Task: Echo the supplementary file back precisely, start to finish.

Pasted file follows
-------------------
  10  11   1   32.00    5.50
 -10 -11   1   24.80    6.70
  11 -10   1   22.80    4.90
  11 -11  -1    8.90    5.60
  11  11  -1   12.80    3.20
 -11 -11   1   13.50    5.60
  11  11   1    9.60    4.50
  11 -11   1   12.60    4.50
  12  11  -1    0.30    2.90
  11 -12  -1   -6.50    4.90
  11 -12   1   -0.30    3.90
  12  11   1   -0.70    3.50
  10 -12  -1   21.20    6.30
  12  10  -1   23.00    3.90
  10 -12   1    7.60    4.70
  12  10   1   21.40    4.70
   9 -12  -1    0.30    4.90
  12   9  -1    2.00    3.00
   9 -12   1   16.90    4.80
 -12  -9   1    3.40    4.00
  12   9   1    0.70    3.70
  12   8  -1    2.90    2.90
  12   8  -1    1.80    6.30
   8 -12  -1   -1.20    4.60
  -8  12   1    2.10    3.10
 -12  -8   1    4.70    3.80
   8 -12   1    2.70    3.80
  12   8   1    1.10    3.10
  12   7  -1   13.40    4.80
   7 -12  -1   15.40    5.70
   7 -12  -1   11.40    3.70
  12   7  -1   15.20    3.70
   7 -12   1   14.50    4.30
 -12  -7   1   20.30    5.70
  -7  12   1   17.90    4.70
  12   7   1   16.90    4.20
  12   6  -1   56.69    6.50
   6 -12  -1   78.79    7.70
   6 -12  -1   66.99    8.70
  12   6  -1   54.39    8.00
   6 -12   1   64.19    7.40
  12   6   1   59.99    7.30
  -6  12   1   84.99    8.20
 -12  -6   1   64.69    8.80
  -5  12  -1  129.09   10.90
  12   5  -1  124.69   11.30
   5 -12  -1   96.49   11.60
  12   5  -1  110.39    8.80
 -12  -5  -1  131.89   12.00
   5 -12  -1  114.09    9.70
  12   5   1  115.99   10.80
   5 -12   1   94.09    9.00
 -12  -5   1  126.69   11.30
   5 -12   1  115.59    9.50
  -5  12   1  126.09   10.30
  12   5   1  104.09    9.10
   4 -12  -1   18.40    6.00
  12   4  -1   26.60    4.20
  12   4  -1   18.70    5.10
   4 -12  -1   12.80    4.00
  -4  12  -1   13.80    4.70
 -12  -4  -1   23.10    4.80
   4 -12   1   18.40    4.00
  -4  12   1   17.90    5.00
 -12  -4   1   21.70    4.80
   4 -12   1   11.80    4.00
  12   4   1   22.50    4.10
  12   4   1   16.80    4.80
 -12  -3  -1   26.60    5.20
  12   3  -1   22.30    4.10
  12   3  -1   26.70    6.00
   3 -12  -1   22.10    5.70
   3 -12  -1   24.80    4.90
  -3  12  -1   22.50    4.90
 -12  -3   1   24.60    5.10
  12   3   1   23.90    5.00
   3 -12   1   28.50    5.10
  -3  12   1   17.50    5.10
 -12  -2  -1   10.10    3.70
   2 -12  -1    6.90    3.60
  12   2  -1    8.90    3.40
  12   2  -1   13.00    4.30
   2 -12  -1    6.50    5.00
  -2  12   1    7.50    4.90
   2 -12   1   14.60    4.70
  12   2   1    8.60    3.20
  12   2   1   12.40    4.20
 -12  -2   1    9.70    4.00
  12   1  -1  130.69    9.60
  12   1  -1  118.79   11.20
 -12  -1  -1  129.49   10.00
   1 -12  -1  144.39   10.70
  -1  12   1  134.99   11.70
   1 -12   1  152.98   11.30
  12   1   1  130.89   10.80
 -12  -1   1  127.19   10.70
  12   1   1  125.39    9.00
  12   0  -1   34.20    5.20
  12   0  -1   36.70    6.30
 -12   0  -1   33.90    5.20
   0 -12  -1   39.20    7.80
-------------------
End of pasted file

  10  11   1   32.00    5.50
 -10 -11   1   24.80    6.70
  11 -10   1   22.80    4.90
  11 -11  -1    8.90    5.60
  11  11  -1   12.80    3.20
 -11 -11   1   13.50    5.60
  11  11   1    9.60    4.50
  11 -11   1   12.60    4.50
  12  11  -1    0.30    2.90
  11 -12  -1   -6.50    4.90
  11 -12   1   -0.30    3.90
  12  11   1   -0.70    3.50
  10 -12  -1   21.20    6.30
  12  10  -1   23.00    3.90
  10 -12   1    7.60    4.70
  12  10   1   21.40    4.70
   9 -12  -1    0.30    4.90
  12   9  -1    2.00    3.00
   9 -12   1   16.90    4.80
 -12  -9   1    3.40    4.00
  12   9   1    0.70    3.70
  12   8  -1    2.90    2.90
  12   8  -1    1.80    6.30
   8 -12  -1   -1.20    4.60
  -8  12   1    2.10    3.10
 -12  -8   1    4.70    3.80
   8 -12   1    2.70    3.80
  12   8   1    1.10    3.10
  12   7  -1   13.40    4.80
   7 -12  -1   15.40    5.70
   7 -12  -1   11.40    3.70
  12   7  -1   15.20    3.70
   7 -12   1   14.50    4.30
 -12  -7   1   20.30    5.70
  -7  12   1   17.90    4.70
  12   7   1   16.90    4.20
  12   6  -1   56.69    6.50
   6 -12  -1   78.79    7.70
   6 -12  -1   66.99    8.70
  12   6  -1   54.39    8.00
   6 -12   1   64.19    7.40
  12   6   1   59.99    7.30
  -6  12   1   84.99    8.20
 -12  -6   1   64.69    8.80
  -5  12  -1  129.09   10.90
  12   5  -1  124.69   11.30
   5 -12  -1   96.49   11.60
  12   5  -1  110.39    8.80
 -12  -5  -1  131.89   12.00
   5 -12  -1  114.09    9.70
  12   5   1  115.99   10.80
   5 -12   1   94.09    9.00
 -12  -5   1  126.69   11.30
   5 -12   1  115.59    9.50
  -5  12   1  126.09   10.30
  12   5   1  104.09    9.10
   4 -12  -1   18.40    6.00
  12   4  -1   26.60    4.20
  12   4  -1   18.70    5.10
   4 -12  -1   12.80    4.00
  -4  12  -1   13.80    4.70
 -12  -4  -1   23.10    4.80
   4 -12   1   18.40    4.00
  -4  12   1   17.90    5.00
 -12  -4   1   21.70    4.80
   4 -12   1   11.80    4.00
  12   4   1   22.50    4.10
  12   4   1   16.80    4.80
 -12  -3  -1   26.60    5.20
  12   3  -1   22.30    4.10
  12   3  -1   26.70    6.00
   3 -12  -1   22.10    5.70
   3 -12  -1   24.80    4.90
  -3  12  -1   22.50    4.90
 -12  -3   1   24.60    5.10
  12   3   1   23.90    5.00
   3 -12   1   28.50    5.10
  -3  12   1   17.50    5.10
 -12  -2  -1   10.10    3.70
   2 -12  -1    6.90    3.60
  12   2  -1    8.90    3.40
  12   2  -1   13.00    4.30
   2 -12  -1    6.50    5.00
  -2  12   1    7.50    4.90
   2 -12   1   14.60    4.70
  12   2   1    8.60    3.20
  12   2   1   12.40    4.20
 -12  -2   1    9.70    4.00
  12   1  -1  130.69    9.60
  12   1  -1  118.79   11.20
 -12  -1  -1  129.49   10.00
   1 -12  -1  144.39   10.70
  -1  12   1  134.99   11.70
   1 -12   1  152.98   11.30
  12   1   1  130.89   10.80
 -12  -1   1  127.19   10.70
  12   1   1  125.39    9.00
  12   0  -1   34.20    5.20
  12   0  -1   36.70    6.30
 -12   0  -1   33.90    5.20
   0 -12  -1   39.20    7.80